13. Michelle Shocked, Short Sharp Shocked

I’m going to flip the script for this week’s entry. Usually, I track through where I was at in my musical growth when I first encountered the record featured, talk about the actual merits of the music, and then finish with a brief consideration of where the artist has gone in the twenty-five (plus!) years since. With Michelle Shocked, however, I feel compelled to begin with the unexpected anti-gay marriage rant from last year that earned her more prominent placement in the music press than she’s had in years. I would have quickly named Shocked as one of my favorite performers through the first half of the nineteen-nineties, but I largely lost track of her somewhere around the time she wrenched herself free of the label contract that inspired her to name a self-released album Artists Make Lousy Slaves. By the time I got to hear her output again a few years later, it sounded drab enough to me that I didn’t give it much additional thought. I certainly didn’t know she’d become a born again Christian, openly referring to herself as “the world’s greatest homophobe” when asked about the lesbian fan base that was instrumental in her early success. So the bigotry she espoused was entirely unexpected to me, especially since it was so completely at odds with the image I had of her from the time when I was an avid listener. She was a lefty protest singer when I left her. Now she was practically auditioning for a spot on a Fox News panel (well, except for getting arrested at Occupy L.A. protests).

As I noted, my disinterest in her more recent music is entirely on its merits (albeit merits gauged in the equivalent of glancing blows) and not predicated on a personal aversion to her bigotry, though that reaction is firmly in place. I’ve long said that if I got rid of every album in my collection that was created by everyone who I was pretty sure could be reasonably termed as an asshole in real life, I wouldn’t have much much music left to listen to. Still, I take a certain satisfaction in the fact that it’s now been a long, long time since I’ve supported Shocked in any way, while simultaneously feeling a little tingle of what can best be called regret whenever one of her old songs shuffles up. All that typed, Short Sharp Shocked is a terrific album.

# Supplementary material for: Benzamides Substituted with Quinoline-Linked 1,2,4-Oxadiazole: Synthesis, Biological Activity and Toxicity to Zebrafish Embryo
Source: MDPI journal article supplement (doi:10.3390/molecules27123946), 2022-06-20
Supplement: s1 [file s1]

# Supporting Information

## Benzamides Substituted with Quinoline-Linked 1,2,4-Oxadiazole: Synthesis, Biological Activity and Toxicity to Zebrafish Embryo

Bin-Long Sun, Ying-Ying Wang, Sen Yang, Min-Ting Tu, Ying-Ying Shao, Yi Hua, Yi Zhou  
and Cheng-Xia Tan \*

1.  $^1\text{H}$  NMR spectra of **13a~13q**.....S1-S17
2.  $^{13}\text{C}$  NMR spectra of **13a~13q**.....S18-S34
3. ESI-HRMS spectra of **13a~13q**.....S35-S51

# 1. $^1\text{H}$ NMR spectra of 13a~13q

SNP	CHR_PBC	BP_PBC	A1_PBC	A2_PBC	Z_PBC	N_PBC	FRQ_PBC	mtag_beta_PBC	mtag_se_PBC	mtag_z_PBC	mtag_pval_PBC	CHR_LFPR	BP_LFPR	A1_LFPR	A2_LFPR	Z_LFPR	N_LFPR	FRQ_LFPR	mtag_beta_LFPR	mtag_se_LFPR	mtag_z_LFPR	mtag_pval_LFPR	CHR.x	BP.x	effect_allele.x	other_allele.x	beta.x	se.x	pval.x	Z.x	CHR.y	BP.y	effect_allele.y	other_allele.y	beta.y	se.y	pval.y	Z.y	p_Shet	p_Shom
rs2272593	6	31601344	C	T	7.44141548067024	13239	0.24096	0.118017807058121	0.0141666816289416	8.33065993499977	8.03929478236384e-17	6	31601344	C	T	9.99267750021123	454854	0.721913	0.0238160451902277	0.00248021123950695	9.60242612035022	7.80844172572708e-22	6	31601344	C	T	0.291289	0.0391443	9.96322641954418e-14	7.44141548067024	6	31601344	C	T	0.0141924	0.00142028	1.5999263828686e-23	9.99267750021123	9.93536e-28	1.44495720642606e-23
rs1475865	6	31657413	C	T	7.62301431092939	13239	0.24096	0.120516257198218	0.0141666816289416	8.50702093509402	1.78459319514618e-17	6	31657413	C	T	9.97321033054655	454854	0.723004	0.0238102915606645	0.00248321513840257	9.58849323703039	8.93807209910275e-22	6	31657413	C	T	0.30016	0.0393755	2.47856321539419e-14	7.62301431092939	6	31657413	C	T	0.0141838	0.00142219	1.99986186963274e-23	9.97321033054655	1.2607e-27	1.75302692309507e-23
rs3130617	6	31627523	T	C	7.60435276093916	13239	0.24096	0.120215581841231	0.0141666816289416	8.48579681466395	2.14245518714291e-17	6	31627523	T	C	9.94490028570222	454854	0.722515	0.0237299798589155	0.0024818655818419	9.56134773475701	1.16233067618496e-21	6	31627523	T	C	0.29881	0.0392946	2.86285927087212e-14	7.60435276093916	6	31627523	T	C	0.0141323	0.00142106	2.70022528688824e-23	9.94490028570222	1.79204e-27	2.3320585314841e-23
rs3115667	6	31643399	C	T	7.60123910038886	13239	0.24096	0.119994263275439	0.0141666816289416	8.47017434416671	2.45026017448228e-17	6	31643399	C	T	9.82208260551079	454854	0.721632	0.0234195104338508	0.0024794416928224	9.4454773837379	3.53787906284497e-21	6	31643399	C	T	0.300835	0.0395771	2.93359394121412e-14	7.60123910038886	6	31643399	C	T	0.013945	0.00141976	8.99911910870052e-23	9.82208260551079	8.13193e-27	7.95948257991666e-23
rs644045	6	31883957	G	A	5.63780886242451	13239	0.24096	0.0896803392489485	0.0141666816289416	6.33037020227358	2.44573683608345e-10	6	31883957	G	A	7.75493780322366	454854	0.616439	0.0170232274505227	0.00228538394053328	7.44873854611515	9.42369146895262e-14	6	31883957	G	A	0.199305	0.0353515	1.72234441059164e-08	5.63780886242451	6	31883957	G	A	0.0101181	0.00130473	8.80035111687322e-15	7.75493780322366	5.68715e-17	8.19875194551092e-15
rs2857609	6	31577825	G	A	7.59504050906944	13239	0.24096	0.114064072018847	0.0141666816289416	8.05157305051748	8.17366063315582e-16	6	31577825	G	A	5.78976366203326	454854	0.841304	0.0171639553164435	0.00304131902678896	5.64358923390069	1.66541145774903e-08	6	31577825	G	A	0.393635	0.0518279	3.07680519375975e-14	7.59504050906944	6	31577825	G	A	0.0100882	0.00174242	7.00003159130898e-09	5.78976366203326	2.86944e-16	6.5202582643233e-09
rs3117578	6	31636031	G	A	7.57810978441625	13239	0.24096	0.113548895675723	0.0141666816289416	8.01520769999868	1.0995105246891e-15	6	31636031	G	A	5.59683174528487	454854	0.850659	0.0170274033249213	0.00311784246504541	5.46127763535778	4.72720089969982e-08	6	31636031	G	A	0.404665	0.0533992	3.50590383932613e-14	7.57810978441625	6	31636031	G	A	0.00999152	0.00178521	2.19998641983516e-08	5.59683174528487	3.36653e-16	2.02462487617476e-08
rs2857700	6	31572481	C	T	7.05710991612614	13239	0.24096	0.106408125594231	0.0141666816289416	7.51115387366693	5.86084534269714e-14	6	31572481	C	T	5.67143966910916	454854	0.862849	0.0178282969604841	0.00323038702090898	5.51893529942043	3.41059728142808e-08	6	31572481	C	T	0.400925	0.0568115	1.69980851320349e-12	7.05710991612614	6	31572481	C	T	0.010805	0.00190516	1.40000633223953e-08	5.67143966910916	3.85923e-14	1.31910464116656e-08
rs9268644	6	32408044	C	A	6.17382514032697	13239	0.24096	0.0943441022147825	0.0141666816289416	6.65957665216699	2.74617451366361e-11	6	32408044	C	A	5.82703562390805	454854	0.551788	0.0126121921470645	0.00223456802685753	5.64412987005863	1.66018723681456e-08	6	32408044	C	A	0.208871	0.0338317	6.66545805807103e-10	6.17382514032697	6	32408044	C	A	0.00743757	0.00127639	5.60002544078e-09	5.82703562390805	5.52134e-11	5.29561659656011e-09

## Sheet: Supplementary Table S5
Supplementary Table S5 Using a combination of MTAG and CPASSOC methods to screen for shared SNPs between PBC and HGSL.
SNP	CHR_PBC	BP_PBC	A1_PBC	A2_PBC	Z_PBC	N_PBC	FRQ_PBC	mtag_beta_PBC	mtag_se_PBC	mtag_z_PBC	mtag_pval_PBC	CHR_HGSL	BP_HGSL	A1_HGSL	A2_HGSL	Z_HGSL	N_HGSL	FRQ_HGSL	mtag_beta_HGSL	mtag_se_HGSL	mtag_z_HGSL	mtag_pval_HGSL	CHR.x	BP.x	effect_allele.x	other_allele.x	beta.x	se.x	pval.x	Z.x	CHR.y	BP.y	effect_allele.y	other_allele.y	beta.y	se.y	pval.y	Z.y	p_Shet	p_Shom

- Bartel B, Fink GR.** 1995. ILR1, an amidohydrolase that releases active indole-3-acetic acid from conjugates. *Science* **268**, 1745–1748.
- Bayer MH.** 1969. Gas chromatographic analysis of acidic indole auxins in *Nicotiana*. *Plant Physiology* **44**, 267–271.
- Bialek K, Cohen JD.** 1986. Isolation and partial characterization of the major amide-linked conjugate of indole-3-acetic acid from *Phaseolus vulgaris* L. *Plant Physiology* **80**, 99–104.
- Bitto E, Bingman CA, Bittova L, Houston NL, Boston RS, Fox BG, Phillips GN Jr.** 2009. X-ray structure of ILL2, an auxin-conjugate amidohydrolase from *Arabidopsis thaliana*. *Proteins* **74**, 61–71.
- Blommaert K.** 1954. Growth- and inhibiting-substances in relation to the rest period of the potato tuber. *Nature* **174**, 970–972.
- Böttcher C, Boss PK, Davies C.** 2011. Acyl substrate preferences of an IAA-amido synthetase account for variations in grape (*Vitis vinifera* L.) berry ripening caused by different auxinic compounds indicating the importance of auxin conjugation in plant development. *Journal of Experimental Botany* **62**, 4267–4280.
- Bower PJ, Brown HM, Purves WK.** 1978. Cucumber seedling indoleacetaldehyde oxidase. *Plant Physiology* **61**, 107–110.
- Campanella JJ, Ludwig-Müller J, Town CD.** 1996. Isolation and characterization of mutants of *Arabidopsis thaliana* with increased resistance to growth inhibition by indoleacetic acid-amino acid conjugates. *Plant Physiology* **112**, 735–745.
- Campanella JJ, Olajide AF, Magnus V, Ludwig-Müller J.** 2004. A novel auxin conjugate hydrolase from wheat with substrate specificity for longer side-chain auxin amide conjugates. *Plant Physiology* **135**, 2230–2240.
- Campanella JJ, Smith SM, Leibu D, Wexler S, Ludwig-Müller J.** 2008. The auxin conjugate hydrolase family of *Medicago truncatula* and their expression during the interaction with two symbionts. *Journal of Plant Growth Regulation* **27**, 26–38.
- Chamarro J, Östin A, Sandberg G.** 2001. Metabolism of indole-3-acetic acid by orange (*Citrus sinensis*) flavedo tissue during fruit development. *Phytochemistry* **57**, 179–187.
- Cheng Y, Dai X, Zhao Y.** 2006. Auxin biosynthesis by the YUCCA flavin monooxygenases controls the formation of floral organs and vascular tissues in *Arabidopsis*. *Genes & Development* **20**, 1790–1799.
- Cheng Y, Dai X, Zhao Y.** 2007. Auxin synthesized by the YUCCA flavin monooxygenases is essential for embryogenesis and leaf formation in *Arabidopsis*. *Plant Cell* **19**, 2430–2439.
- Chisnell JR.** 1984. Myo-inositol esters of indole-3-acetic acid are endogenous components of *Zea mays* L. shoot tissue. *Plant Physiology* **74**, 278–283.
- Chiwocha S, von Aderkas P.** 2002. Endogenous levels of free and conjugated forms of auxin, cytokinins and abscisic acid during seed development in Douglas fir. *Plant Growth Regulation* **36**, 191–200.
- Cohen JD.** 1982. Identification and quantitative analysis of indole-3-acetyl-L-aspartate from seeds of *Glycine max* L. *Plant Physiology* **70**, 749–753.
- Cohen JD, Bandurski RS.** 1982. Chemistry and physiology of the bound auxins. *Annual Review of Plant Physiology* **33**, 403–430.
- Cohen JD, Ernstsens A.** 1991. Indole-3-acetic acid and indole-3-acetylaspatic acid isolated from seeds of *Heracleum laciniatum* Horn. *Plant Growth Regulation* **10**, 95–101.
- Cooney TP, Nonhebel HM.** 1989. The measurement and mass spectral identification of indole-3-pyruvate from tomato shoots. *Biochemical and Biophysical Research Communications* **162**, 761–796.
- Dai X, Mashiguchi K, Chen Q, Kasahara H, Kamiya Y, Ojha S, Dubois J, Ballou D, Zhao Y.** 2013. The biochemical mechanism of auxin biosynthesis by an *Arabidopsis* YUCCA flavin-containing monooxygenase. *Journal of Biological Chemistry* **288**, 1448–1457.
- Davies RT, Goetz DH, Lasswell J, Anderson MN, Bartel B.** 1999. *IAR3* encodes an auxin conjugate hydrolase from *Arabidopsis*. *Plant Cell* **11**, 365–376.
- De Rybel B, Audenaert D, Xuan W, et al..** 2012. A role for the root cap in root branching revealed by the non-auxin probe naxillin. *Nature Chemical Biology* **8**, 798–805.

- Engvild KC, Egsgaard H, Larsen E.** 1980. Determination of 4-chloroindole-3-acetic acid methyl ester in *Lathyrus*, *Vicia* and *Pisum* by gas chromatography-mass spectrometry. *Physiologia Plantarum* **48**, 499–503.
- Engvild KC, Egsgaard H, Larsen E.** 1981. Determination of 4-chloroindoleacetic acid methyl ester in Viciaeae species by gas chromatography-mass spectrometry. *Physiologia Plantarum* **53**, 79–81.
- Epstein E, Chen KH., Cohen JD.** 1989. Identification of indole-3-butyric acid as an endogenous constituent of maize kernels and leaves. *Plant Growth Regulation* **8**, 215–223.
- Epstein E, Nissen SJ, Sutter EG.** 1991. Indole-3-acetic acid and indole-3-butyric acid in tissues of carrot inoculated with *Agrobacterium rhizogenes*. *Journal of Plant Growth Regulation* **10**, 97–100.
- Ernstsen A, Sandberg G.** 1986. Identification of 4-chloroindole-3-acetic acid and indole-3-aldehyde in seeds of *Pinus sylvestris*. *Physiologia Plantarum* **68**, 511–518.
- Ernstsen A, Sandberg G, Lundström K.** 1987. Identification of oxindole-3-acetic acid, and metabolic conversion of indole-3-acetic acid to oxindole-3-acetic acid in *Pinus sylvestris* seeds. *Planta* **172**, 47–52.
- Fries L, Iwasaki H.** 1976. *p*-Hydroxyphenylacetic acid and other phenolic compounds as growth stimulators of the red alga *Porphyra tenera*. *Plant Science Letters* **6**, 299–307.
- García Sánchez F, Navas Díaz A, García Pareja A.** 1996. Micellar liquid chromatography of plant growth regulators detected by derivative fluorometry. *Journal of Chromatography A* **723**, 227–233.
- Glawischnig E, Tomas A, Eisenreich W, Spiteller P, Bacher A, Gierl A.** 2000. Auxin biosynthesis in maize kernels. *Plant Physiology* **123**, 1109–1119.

Released by Mercury Records in the fall of 1988, Short Sharp Shocked was Shocked’s second album, and it was a clear statement of purpose. Her debut release, The Texas Campfire Tapes, is exactly what title implies. The album is what the lo-fi kids dream about: it’s nothing more than Shocked sitting out in the open air, playing her guitar and singing her songs. There are crickets in the background. The starkness of unadorned music presented her as a songwriter, first and foremost. She was a nimble musician and possessed an evocative voice, but the selling point was her ability to craft compelling songs that told stories both simple and profound. That established, Short Sharp Shocked seemed positioned to prove how much more she could do. The opening track, “When I Grow Up,” is layered with different studio adornments, as if to jar any listener expecting more of the same. It’s hardly a New Order song or anything like that, but it is loaded with strange, bendy noises that alter the dynamics of the song, heightening the sense of oddity as Shocked announces in the lyrics that she plans to have well over a hundred babies, adding, “We’ll raise ’em on tiger’s milk and green bananas/ Mangoes and coconuts and watermelons/ We’re gonna give ’em that watermelon when they starts yellin’.”

Across the album, Shocked balances folk-punk sensibilities with an earthier brand of studio polish, the latter provided by producer Pete Anderson, a longtime collaborator of Dwight Yoakam. Lead single “Anchorage” even alludes to this, as the reported correspondence with her friend who’s relocated to “the largest state in the Union” asks her “What’s it like to be a skateboard punk rocker” and notes that her husband, Leroy, urges her to “keep on rocking, girl.” He also wants a picture. While Shocked made a case for herself as a pointed, politically-minded folk singer, she clearly didn’t want to be pigeonholed either. Thought that would become even more clear on subsequent releases, Short Sharp Shocked is already filled with songs that convincingly make the case that Shocked can zip across different styles: the bluesy grind of “If Love Was a Train,” the punk blast of hidden track “Fogtown,” the protest song repackaged as oblong jazz rumination with “Graffiti Limbo.”